• Bleeding: Gums may bleed with the gentlest brushing or flossing, or even at other times.
  • Color changes: Gums may be red-purple or bright red, possibly with a shiny appearance.
  • Swelling: A puffy appearance may accompany tenderness.
  • Bad breath: If bad breath (halitosis) does not go away with vigilant flossing and brushing, gingivitis may be the cause.
  • Receding gums: When gums recede, more of the front surface of the teeth than normal is visible, potentially exposing the roots.

If one or more of these symptoms exist, extra-vigilant oral care is the first line of defense to reduce inflammation, starting with a professional cleaning and evaluation. Afterward, even though gums may remain sensitive for one to two weeks, strict adherence to brushing and flossing routines has to begin. Mild anti-inflammatory pain medicine may help during this time. In addition, rinsing with an antibacterial mouthwash or warm salt water may reduce the chance of recurrence. In severe cases, specialized therapies can be used to keep disease from spreading to nearby tissues and tooth-supporting bone.

As boys and girls reach puberty, circulating hormones increase blood flow to the gums, resulting in greater sensitivity. Flossing, for instance, may hurt more, as may food particles or plaque. While the sensitivity is real and understandable, and may last for a while, your child needs to maintain good oral habits.

Helping children to remember that their gums will always be as important as their teeth is a lesson worth its weight in gold—or a lifetime supply of floss.

 

 

We care about your child’s dental health 12 months of the year. To maintain proper oral hygiene, we want to keep you informed and provide useful information. We hope you find these articles informative and helpful, and we look forward to seeing you at your child’s next appointment.

For More Information Contact our Winnipeg Childrens Dental Office. Its just for Kids! -(204)201-0588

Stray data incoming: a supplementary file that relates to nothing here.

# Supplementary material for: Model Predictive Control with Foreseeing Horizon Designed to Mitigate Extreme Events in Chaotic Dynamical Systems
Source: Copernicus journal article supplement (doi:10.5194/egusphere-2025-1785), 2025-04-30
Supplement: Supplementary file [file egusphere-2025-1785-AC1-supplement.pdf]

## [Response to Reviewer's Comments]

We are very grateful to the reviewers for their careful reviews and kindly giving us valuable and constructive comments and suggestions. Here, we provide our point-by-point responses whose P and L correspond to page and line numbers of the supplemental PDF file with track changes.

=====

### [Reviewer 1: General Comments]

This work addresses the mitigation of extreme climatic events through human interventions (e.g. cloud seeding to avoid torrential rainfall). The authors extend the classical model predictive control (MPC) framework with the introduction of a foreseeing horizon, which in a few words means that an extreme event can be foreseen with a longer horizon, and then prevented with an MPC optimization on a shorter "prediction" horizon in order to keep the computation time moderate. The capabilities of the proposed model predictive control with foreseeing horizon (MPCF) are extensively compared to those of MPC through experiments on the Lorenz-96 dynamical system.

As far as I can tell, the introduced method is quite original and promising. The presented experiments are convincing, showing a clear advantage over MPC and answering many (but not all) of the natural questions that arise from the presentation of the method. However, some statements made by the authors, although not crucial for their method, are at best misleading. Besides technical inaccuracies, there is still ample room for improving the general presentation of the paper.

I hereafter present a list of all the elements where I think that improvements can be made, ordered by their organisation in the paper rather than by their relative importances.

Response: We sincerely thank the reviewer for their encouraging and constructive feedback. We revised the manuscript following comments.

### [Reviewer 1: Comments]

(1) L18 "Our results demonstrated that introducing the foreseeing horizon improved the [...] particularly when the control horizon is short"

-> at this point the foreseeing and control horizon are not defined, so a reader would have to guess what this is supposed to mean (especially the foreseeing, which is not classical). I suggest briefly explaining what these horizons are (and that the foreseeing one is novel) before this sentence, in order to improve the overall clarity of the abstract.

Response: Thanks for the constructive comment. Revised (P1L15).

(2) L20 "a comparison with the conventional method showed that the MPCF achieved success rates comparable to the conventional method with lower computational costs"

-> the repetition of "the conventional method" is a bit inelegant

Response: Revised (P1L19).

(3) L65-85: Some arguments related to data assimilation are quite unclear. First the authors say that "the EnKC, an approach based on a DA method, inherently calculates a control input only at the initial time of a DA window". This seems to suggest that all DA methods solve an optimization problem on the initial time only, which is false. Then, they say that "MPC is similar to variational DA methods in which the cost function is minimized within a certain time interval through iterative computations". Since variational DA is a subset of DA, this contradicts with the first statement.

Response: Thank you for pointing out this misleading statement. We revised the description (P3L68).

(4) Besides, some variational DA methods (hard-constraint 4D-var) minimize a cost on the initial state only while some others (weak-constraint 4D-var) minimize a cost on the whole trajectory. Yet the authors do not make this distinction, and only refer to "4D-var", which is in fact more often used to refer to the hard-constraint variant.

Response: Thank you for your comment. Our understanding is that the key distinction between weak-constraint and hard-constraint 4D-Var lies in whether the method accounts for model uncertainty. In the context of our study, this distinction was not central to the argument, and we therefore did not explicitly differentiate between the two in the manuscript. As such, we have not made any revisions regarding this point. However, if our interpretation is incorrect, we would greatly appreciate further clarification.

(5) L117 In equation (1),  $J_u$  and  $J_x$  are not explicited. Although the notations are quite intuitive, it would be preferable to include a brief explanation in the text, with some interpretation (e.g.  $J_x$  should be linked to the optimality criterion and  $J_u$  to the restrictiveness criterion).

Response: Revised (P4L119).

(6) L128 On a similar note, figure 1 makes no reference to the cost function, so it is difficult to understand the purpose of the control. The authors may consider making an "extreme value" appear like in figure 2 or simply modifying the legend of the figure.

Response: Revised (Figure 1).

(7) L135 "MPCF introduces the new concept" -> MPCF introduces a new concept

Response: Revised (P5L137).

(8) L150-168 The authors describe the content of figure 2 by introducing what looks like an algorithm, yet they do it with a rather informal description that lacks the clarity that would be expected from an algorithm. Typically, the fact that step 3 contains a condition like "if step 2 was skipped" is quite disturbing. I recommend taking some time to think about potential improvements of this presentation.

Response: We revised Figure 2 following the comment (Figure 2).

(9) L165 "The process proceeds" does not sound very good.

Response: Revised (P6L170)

Winnipeg Kids Dentist

 

The Link between Oral Health and Good Grades

Did you know that your children’s oral health can have a significant impact on their school attendance and performance? Studies show that 51 million school-hours are lost in the United States each year due to oral problems. All those absences lead to lower grade point averages for children with poor oral health. Yet even when present in class, these children may be in pain and unable to focus on schoolwork.

Dental problems can interfere with a child’s ability to eat, speak, socialize and sleep, all of which may affect school performance and can have long-term consequences. Fortunately, most childhood dental problems can be prevented with good oral hygiene and regular dental checkups during which problems can be detected and treated before they become serious.

Some parents may think there is no reason to take a child to the dentist unless he or she complains of pain. But by that time, decay and infection could already have caused your child to miss school or perform poorly. In fact, research proves that, unlike absences caused by dental pain or infection, absences for routine dental care are not associated with poorer school performance.

On your own, you can protect your child’s oral health by making sure your child

  • engages in a daily brushing and flossing regimen
  • follows a healthy diet
  • avoids sugary treats and frequent snacking, both of which can lead to tooth decay

Fluoride is one of the best preventive measures against childhood cavities. Most communities supply fluoridated drinking water. Check with our office; if your community does not fluoridate its water, ask us for advice about fluoride toothpaste and other options.

Good oral health goes hand-in-hand with better school performance and better career opportunities in adulthood. Taking an active role in your child’s oral health will enhance your child’s chances of success in school.

 

 

We care about your child’s dental health 12 months of the year. To maintain proper oral hygiene, we want to keep you informed and provide useful information. We hope you find these articles informative and helpful, and we look forward to seeing you at your child’s next appointment.

For More Information Contact our Winnipeg Childrens Dental Office. Its just for Kids! -(204)201-0588

 

Winnipeg Kids Dentist